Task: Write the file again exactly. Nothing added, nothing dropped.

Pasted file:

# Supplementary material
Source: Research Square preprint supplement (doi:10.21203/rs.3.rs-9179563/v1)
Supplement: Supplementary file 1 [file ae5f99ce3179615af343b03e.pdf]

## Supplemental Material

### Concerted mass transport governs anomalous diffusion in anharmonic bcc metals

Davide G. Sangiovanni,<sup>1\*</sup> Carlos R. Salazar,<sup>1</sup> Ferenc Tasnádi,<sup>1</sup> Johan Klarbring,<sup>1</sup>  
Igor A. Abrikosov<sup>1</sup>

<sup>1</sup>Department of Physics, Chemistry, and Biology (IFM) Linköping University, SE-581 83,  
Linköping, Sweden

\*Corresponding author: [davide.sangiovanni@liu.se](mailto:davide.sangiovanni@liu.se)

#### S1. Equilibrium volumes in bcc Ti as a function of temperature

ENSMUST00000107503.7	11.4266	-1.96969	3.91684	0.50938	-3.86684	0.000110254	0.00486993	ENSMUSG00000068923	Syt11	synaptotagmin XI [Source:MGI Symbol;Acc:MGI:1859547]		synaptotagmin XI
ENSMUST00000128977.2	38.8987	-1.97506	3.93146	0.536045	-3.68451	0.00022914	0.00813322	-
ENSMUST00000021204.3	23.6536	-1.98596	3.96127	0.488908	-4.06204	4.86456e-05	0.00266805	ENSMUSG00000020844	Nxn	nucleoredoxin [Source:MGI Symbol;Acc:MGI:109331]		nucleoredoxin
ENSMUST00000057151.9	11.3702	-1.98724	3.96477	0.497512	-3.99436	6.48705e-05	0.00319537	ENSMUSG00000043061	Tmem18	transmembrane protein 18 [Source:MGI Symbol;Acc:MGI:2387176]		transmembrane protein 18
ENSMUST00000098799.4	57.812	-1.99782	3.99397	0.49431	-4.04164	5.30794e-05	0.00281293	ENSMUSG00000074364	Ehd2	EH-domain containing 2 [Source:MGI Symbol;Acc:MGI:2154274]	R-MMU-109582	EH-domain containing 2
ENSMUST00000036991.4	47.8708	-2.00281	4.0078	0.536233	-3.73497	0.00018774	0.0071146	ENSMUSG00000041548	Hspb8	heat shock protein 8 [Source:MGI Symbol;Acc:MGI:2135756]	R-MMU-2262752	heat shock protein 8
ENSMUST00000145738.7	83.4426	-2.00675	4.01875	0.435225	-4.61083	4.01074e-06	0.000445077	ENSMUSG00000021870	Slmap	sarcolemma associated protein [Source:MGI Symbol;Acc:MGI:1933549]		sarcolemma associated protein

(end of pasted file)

# Supplementary material
Source: Research Square preprint supplement (doi:10.21203/rs.3.rs-9179563/v1)
Supplement: Supplementary file 1 [file ae5f99ce3179615af343b03e.pdf]

## Supplemental Material

### Concerted mass transport governs anomalous diffusion in anharmonic bcc metals

Davide G. Sangiovanni,<sup>1\*</sup> Carlos R. Salazar,<sup>1</sup> Ferenc Tasnádi,<sup>1</sup> Johan Klarbring,<sup>1</sup>  
Igor A. Abrikosov<sup>1</sup>

<sup>1</sup>Department of Physics, Chemistry, and Biology (IFM) Linköping University, SE-581 83,  
Linköping, Sweden

\*Corresponding author: [davide.sangiovanni@liu.se](mailto:davide.sangiovanni@liu.se)

#### S1. Equilibrium volumes in bcc Ti as a function of temperature

ENSMUST00000107503.7	11.4266	-1.96969	3.91684	0.50938	-3.86684	0.000110254	0.00486993	ENSMUSG00000068923	Syt11	synaptotagmin XI [Source:MGI Symbol;Acc:MGI:1859547]		synaptotagmin XI
ENSMUST00000128977.2	38.8987	-1.97506	3.93146	0.536045	-3.68451	0.00022914	0.00813322	-
ENSMUST00000021204.3	23.6536	-1.98596	3.96127	0.488908	-4.06204	4.86456e-05	0.00266805	ENSMUSG00000020844	Nxn	nucleoredoxin [Source:MGI Symbol;Acc:MGI:109331]		nucleoredoxin
ENSMUST00000057151.9	11.3702	-1.98724	3.96477	0.497512	-3.99436	6.48705e-05	0.00319537	ENSMUSG00000043061	Tmem18	transmembrane protein 18 [Source:MGI Symbol;Acc:MGI:2387176]		transmembrane protein 18
ENSMUST00000098799.4	57.812	-1.99782	3.99397	0.49431	-4.04164	5.30794e-05	0.00281293	ENSMUSG00000074364	Ehd2	EH-domain containing 2 [Source:MGI Symbol;Acc:MGI:2154274]	R-MMU-109582	EH-domain containing 2
ENSMUST00000036991.4	47.8708	-2.00281	4.0078	0.536233	-3.73497	0.00018774	0.0071146	ENSMUSG00000041548	Hspb8	heat shock protein 8 [Source:MGI Symbol;Acc:MGI:2135756]	R-MMU-2262752	heat shock protein 8
ENSMUST00000145738.7	83.4426	-2.00675	4.01875	0.435225	-4.61083	4.01074e-06	0.000445077	ENSMUSG00000021870	Slmap	sarcolemma associated protein [Source:MGI Symbol;Acc:MGI:1933549]		sarcolemma associated protein